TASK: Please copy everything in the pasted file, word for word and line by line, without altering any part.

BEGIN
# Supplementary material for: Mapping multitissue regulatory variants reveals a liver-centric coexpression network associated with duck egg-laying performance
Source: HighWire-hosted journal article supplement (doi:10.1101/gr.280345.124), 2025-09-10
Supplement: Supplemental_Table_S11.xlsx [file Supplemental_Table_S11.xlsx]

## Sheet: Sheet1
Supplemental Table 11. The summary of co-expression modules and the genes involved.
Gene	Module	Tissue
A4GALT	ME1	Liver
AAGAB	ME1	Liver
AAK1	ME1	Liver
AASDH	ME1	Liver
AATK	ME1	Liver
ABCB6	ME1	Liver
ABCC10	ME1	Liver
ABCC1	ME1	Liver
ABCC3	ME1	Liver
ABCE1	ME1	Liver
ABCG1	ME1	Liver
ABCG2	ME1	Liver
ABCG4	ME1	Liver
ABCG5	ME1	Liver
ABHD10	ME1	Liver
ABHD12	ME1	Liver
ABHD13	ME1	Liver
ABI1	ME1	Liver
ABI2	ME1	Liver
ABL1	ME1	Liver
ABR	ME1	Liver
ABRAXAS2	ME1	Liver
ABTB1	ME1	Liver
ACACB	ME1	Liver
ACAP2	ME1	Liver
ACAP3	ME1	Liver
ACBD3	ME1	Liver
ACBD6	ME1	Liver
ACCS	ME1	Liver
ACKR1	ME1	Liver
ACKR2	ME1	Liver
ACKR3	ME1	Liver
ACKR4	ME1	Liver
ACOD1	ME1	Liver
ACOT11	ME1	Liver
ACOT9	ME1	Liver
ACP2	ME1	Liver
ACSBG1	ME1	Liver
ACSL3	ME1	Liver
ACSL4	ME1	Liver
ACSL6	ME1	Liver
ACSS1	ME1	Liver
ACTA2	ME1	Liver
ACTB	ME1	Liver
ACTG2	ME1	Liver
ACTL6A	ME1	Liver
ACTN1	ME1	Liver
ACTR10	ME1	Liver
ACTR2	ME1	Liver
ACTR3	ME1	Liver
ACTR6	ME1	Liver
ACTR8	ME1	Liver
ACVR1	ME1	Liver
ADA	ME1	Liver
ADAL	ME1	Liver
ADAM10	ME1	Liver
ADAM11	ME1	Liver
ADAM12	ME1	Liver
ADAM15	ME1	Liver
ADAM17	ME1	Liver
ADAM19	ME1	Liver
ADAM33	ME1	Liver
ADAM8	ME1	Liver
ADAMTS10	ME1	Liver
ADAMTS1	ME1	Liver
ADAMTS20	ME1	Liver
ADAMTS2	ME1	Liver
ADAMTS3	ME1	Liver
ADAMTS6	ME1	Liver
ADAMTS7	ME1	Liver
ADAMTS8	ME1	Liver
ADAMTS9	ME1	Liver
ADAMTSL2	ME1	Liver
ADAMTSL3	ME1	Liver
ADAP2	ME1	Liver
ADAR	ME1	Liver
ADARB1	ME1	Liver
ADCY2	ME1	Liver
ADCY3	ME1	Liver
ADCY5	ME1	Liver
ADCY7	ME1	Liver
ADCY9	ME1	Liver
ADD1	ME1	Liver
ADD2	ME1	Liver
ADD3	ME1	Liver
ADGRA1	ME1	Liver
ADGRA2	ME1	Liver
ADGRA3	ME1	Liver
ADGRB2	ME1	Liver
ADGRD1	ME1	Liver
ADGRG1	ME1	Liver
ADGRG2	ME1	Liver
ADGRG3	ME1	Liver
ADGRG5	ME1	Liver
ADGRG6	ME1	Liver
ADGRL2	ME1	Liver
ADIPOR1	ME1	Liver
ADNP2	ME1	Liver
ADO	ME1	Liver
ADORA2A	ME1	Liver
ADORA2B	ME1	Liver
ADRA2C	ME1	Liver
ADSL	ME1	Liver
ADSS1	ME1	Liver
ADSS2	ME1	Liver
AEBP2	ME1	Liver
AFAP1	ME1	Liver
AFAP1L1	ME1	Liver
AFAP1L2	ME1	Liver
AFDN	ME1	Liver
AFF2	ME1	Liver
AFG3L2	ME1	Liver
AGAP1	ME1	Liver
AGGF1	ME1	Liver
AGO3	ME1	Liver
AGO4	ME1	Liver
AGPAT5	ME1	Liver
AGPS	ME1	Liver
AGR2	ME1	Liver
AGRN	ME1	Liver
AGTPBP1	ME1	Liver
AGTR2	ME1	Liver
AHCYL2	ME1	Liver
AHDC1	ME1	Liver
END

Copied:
# Supplementary material for: Mapping multitissue regulatory variants reveals a liver-centric coexpression network associated with duck egg-laying performance
Source: HighWire-hosted journal article supplement (doi:10.1101/gr.280345.124), 2025-09-10
Supplement: Supplemental_Table_S11.xlsx [file Supplemental_Table_S11.xlsx]

## Sheet: Sheet1
Supplemental Table 11. The summary of co-expression modules and the genes involved.
Gene	Module	Tissue
A4GALT	ME1	Liver
AAGAB	ME1	Liver
AAK1	ME1	Liver
AASDH	ME1	Liver
AATK	ME1	Liver
ABCB6	ME1	Liver
ABCC10	ME1	Liver
ABCC1	ME1	Liver
ABCC3	ME1	Liver
ABCE1	ME1	Liver
ABCG1	ME1	Liver
ABCG2	ME1	Liver
ABCG4	ME1	Liver
ABCG5	ME1	Liver
ABHD10	ME1	Liver
ABHD12	ME1	Liver
ABHD13	ME1	Liver
ABI1	ME1	Liver
ABI2	ME1	Liver
ABL1	ME1	Liver
ABR	ME1	Liver
ABRAXAS2	ME1	Liver
ABTB1	ME1	Liver
ACACB	ME1	Liver
ACAP2	ME1	Liver
ACAP3	ME1	Liver
ACBD3	ME1	Liver
ACBD6	ME1	Liver
ACCS	ME1	Liver
ACKR1	ME1	Liver
ACKR2	ME1	Liver
ACKR3	ME1	Liver
ACKR4	ME1	Liver
ACOD1	ME1	Liver
ACOT11	ME1	Liver
ACOT9	ME1	Liver
ACP2	ME1	Liver
ACSBG1	ME1	Liver
ACSL3	ME1	Liver
ACSL4	ME1	Liver
ACSL6	ME1	Liver
ACSS1	ME1	Liver
ACTA2	ME1	Liver
ACTB	ME1	Liver
ACTG2	ME1	Liver
ACTL6A	ME1	Liver
ACTN1	ME1	Liver
ACTR10	ME1	Liver
ACTR2	ME1	Liver
ACTR3	ME1	Liver
ACTR6	ME1	Liver
ACTR8	ME1	Liver
ACVR1	ME1	Liver
ADA	ME1	Liver
ADAL	ME1	Liver
ADAM10	ME1	Liver
ADAM11	ME1	Liver
ADAM12	ME1	Liver
ADAM15	ME1	Liver
ADAM17	ME1	Liver
ADAM19	ME1	Liver
ADAM33	ME1	Liver
ADAM8	ME1	Liver
ADAMTS10	ME1	Liver
ADAMTS1	ME1	Liver
ADAMTS20	ME1	Liver
ADAMTS2	ME1	Liver
ADAMTS3	ME1	Liver
ADAMTS6	ME1	Liver
ADAMTS7	ME1	Liver
ADAMTS8	ME1	Liver
ADAMTS9	ME1	Liver
ADAMTSL2	ME1	Liver
ADAMTSL3	ME1	Liver
ADAP2	ME1	Liver
ADAR	ME1	Liver
ADARB1	ME1	Liver
ADCY2	ME1	Liver
ADCY3	ME1	Liver
ADCY5	ME1	Liver
ADCY7	ME1	Liver
ADCY9	ME1	Liver
ADD1	ME1	Liver
ADD2	ME1	Liver
ADD3	ME1	Liver
ADGRA1	ME1	Liver
ADGRA2	ME1	Liver
ADGRA3	ME1	Liver
ADGRB2	ME1	Liver
ADGRD1	ME1	Liver
ADGRG1	ME1	Liver
ADGRG2	ME1	Liver
ADGRG3	ME1	Liver
ADGRG5	ME1	Liver
ADGRG6	ME1	Liver
ADGRL2	ME1	Liver
ADIPOR1	ME1	Liver
ADNP2	ME1	Liver
ADO	ME1	Liver
ADORA2A	ME1	Liver
ADORA2B	ME1	Liver
ADRA2C	ME1	Liver
ADSL	ME1	Liver
ADSS1	ME1	Liver
ADSS2	ME1	Liver
AEBP2	ME1	Liver
AFAP1	ME1	Liver
AFAP1L1	ME1	Liver
AFAP1L2	ME1	Liver
AFDN	ME1	Liver
AFF2	ME1	Liver
AFG3L2	ME1	Liver
AGAP1	ME1	Liver
AGGF1	ME1	Liver
AGO3	ME1	Liver
AGO4	ME1	Liver
AGPAT5	ME1	Liver
AGPS	ME1	Liver
AGR2	ME1	Liver
AGRN	ME1	Liver
AGTPBP1	ME1	Liver
AGTR2	ME1	Liver
AHCYL2	ME1	Liver
AHDC1	ME1	Liver